The act of opening something is inherently dramatic. Thumbing the perforations of an unexpected parcel, considering an unfamiliar silhouette behind the front door, raising a palm in the middle of the road – all of these openings will lead to something new, to consequences unknown. We too had our own opening this month, that of Good with People, at the Traverse during the Edinburgh Fringe Festival.
But openings in the world of theatre are a-changing. Whereas we could once talk of things being ‘alright on the night’, it would be most probably followed up with ‘but, do you mean press, previews, industry or first night’? In the messy world of British theatre ‘openings’, instead of just tearing open the letter and being done with it, instead we’re asked whether we want to steam it first and use a palette knife afterwards, before fetching our bifocals for a considered read – after a cup of coffee, of course.
And there are certainly fewer fireworks and ageing celebrities involved than at other events opening round a similar time to us . . .
The Traverse made things slightly easier on this front, if we’re to look at it this way. One preview, one press night, one opening night. One, two, three. With very little time between each one we did not have the luxury of a week of previews, and had officially ‘opened’ the show by Monday 6th August.
Our week leading up to the only Saturday preview was spent in Leith playing on the space itself. Housed in the spacious Traverse rehearsal rooms, no one who will refute that rehearsing on the set, rather than on a floor plan marked out with red LX tape, was vital for Good with People. Not only were the actors allowed to experiment, but stage management practiced the illusions to perfection, and all other creatives were allowed to consider their own decisions in context.
What is actually rehearsed during that final week has to be judged on the production itself. Again, it also depends on your ‘opening’. In the case of Good with People it was a process of open but informed collective decision making, remembering detail but pushing the piece into the realm of performance. As well as re-engaging with the precise words on the page, we worked on the physical commitment demanded by our set, as well as honing in on the more abstract notions that had been present in the rehearsal room from day one, and making them performable.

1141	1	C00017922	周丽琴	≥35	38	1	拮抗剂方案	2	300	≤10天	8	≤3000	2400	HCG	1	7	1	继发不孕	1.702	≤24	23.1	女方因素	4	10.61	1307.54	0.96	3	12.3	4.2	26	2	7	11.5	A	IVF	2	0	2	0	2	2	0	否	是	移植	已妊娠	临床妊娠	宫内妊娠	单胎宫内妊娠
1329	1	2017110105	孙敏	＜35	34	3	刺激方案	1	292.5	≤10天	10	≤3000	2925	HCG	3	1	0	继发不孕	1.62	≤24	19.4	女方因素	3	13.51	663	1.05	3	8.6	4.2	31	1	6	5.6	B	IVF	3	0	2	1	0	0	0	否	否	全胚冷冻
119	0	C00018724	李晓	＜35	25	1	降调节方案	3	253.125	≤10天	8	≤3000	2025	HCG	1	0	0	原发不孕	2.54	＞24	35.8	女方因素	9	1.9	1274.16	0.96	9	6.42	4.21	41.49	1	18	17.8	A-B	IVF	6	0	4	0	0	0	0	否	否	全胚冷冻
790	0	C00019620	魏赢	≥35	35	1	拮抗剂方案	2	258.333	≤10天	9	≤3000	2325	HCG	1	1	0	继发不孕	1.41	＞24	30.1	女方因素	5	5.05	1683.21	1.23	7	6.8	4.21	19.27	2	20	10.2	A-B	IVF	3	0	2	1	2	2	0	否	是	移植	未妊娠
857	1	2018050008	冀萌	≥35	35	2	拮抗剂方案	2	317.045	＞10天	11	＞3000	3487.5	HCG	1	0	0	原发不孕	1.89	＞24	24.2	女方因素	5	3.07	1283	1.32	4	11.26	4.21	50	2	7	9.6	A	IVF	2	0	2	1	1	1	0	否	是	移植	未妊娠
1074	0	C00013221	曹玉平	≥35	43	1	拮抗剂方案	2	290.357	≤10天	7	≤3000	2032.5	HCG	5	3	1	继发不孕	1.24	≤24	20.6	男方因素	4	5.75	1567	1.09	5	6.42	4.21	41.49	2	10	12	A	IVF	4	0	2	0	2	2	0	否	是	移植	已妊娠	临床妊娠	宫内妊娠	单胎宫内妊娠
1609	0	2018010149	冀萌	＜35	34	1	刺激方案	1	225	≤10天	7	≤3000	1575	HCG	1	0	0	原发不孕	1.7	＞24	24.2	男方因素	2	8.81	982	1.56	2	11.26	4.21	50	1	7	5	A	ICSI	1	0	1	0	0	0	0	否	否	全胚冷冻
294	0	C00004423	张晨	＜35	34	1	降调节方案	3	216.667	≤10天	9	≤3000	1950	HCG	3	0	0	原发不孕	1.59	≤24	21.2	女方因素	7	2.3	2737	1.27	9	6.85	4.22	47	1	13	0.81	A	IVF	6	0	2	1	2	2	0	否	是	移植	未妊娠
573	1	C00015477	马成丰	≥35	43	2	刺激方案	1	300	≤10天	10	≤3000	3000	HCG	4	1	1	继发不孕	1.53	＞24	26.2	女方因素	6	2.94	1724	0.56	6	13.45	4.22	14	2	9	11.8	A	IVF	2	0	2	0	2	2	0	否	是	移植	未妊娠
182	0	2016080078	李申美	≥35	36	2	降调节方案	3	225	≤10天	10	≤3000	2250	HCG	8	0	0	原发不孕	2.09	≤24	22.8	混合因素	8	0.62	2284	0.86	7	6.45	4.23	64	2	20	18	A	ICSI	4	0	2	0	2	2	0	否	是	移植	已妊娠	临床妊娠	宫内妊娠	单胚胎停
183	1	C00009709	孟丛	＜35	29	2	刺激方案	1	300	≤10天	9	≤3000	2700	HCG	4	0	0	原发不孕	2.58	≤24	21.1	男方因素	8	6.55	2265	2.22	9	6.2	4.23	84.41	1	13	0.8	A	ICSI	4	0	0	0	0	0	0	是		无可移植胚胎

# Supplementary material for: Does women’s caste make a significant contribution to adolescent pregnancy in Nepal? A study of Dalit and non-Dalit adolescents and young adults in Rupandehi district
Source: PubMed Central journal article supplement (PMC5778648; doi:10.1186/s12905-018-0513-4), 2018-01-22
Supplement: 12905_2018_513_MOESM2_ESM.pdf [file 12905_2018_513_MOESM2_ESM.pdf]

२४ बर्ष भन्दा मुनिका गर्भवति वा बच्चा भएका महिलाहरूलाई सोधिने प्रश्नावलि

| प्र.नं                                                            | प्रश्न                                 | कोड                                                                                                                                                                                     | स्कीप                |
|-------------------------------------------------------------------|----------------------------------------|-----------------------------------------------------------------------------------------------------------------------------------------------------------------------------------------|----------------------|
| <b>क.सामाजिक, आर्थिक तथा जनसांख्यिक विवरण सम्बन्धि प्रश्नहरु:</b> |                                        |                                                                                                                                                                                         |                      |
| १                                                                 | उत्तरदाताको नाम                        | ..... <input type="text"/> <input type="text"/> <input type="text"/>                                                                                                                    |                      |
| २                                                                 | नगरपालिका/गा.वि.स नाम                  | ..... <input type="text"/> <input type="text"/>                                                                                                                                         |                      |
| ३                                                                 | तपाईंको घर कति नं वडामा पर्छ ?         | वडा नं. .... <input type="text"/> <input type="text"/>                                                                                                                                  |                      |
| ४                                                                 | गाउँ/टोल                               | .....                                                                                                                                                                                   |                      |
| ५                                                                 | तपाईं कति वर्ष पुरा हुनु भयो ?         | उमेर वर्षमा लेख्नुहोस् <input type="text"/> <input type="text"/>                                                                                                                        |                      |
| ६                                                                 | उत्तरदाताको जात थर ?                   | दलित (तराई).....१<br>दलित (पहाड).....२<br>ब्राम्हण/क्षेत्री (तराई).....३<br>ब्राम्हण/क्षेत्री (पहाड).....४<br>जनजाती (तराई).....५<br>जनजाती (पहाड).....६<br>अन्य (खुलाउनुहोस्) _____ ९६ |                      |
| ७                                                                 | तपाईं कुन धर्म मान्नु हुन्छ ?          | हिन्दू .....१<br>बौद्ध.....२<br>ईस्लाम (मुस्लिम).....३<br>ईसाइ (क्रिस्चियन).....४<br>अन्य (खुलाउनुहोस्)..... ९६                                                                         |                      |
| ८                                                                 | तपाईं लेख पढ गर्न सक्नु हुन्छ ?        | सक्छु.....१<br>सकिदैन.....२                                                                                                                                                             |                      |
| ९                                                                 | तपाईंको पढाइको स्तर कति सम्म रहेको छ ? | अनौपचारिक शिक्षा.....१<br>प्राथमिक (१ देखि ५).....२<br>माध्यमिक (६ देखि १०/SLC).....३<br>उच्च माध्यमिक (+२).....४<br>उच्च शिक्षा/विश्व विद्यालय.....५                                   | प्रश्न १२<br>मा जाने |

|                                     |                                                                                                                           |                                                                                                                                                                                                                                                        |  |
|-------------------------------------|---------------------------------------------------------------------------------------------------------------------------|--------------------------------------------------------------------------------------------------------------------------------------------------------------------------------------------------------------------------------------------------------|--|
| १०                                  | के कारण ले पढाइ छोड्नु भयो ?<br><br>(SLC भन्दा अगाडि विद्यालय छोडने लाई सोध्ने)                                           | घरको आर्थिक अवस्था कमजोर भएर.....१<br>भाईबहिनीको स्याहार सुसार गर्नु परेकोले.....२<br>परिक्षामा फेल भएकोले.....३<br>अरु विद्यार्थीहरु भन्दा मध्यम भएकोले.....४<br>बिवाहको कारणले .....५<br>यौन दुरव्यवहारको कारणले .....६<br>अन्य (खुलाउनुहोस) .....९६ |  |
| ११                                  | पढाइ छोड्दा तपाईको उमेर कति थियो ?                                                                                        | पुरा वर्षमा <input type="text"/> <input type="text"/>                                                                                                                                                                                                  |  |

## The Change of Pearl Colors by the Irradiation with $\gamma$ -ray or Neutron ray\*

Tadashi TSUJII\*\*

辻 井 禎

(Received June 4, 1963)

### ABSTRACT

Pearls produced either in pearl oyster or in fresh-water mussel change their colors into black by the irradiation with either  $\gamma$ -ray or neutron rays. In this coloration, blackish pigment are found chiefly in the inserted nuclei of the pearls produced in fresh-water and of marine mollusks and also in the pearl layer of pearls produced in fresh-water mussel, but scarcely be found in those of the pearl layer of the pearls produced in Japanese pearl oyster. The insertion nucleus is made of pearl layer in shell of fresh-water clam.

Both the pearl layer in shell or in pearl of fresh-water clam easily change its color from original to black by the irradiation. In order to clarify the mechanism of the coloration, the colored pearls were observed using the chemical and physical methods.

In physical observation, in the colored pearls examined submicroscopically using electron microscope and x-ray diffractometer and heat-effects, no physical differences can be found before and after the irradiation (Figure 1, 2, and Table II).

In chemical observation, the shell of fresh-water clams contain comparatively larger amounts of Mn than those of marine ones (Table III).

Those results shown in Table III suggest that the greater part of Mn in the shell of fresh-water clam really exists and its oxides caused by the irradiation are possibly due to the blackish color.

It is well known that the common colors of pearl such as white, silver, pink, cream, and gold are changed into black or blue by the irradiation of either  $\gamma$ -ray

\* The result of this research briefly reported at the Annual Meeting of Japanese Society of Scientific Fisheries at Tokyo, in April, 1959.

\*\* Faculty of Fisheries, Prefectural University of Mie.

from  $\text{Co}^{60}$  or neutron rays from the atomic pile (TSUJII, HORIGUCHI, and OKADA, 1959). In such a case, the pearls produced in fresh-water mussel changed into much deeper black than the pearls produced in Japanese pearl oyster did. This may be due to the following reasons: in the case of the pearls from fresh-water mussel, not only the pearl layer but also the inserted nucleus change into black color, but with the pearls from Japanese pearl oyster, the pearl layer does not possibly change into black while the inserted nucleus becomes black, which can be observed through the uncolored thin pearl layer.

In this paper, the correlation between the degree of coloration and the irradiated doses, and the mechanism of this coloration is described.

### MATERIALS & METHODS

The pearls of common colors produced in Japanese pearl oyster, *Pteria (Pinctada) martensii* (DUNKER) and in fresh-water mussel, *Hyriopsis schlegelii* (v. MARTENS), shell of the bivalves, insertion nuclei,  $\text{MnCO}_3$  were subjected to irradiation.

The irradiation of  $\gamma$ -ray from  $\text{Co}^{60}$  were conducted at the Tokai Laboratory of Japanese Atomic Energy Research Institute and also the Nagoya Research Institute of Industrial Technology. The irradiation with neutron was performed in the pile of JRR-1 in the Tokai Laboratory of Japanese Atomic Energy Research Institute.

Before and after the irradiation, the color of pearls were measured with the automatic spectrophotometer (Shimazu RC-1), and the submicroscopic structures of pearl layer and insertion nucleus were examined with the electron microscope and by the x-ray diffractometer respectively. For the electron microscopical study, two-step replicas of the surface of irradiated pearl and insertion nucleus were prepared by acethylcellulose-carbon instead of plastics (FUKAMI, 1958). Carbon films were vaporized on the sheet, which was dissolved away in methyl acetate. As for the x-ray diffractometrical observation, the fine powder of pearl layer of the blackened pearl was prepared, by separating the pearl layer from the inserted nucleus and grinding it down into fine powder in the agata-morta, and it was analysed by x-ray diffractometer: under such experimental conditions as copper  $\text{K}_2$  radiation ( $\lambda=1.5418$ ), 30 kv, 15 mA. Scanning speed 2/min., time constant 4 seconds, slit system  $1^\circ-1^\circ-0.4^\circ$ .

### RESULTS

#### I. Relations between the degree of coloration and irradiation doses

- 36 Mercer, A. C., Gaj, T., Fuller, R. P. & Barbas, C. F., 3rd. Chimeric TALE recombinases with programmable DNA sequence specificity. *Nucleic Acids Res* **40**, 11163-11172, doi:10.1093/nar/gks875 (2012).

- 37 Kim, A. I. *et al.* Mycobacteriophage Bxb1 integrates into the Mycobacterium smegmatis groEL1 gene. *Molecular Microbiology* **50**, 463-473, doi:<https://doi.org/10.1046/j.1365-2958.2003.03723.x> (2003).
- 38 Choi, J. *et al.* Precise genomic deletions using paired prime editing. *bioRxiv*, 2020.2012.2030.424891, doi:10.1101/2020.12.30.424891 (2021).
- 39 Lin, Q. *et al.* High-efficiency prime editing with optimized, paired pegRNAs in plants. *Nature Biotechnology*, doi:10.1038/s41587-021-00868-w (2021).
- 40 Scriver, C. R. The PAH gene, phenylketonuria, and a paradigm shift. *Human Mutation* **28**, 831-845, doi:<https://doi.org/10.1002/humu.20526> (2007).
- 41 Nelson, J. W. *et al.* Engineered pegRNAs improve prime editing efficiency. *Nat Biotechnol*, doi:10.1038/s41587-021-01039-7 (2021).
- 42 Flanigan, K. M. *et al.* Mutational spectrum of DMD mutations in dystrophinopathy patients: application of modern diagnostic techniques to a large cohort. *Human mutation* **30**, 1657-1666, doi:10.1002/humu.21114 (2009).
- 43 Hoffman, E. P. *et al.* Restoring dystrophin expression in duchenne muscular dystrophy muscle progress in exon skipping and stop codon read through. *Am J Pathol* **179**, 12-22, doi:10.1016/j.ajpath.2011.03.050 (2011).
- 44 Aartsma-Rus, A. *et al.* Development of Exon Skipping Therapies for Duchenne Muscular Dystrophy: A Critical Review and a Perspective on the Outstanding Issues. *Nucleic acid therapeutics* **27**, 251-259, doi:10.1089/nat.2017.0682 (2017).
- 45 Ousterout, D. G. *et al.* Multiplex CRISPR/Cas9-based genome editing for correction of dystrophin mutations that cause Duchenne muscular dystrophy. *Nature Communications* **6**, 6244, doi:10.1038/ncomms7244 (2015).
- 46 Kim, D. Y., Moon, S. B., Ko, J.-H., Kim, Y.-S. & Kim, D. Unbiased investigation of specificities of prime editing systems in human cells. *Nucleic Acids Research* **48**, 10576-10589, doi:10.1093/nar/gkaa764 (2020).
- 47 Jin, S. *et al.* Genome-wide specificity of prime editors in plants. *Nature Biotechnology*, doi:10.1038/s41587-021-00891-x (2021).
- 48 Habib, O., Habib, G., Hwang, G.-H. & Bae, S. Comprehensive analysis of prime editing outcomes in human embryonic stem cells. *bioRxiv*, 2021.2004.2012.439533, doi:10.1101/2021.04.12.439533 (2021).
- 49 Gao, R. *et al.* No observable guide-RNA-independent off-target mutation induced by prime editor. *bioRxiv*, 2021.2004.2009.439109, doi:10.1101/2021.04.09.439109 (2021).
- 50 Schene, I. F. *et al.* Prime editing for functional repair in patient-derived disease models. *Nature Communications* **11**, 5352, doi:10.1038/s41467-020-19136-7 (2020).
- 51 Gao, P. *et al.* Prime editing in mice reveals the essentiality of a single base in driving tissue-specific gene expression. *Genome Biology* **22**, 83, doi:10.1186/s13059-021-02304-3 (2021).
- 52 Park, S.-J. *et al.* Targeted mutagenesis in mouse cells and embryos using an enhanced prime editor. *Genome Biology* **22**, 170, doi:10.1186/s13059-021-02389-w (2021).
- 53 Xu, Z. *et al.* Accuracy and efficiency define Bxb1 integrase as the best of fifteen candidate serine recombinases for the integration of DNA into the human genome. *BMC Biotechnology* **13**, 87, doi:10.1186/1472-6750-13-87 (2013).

David himself came back into the room, not having visited since the first week of rehearsals. We would be fibbing if we were to say that the presence and opinion of the writer did not put us on edge slightly. A leap in a very different direction had been made since the first production, and this would be the first time David had seen it made plastic.
Luckily, his approval gave the cast and creatives a sense of confidence going into the weekend of openings. By Thursday we had a good idea of the overall shape and feel of the piece, having revisited each scene in detail and running the entire thing every day at four o’clock. This left us one more day of rehearsal, another short tech rehearsal and a preview before the press arrived on the Sunday.
And arrive they did, in their hoards. After a strong preview performance, both Blythe and Richard were reminded of the comedy throughout, as well as having adapted to being lit and underscored in Traverse 1, our home for August. With a few notes on pace and practicalities, we were all ready for the Sunday scribblers. Their verdict can be read here.
So now onto the month long run. The best way for you to judge is to come and see the show before it finishes in the next couple of weeks. Book too, as it is selling well. Although at the time it was felt that a longer opening period would have been preferable, it is useful to remember that this is Edinburgh and that circumstances will always be far more manic than is desirable.
Turns out there is no one way to open a letter, then. It depends on personal preference and the tools and influence you have.
Same with theatre, come to think of it.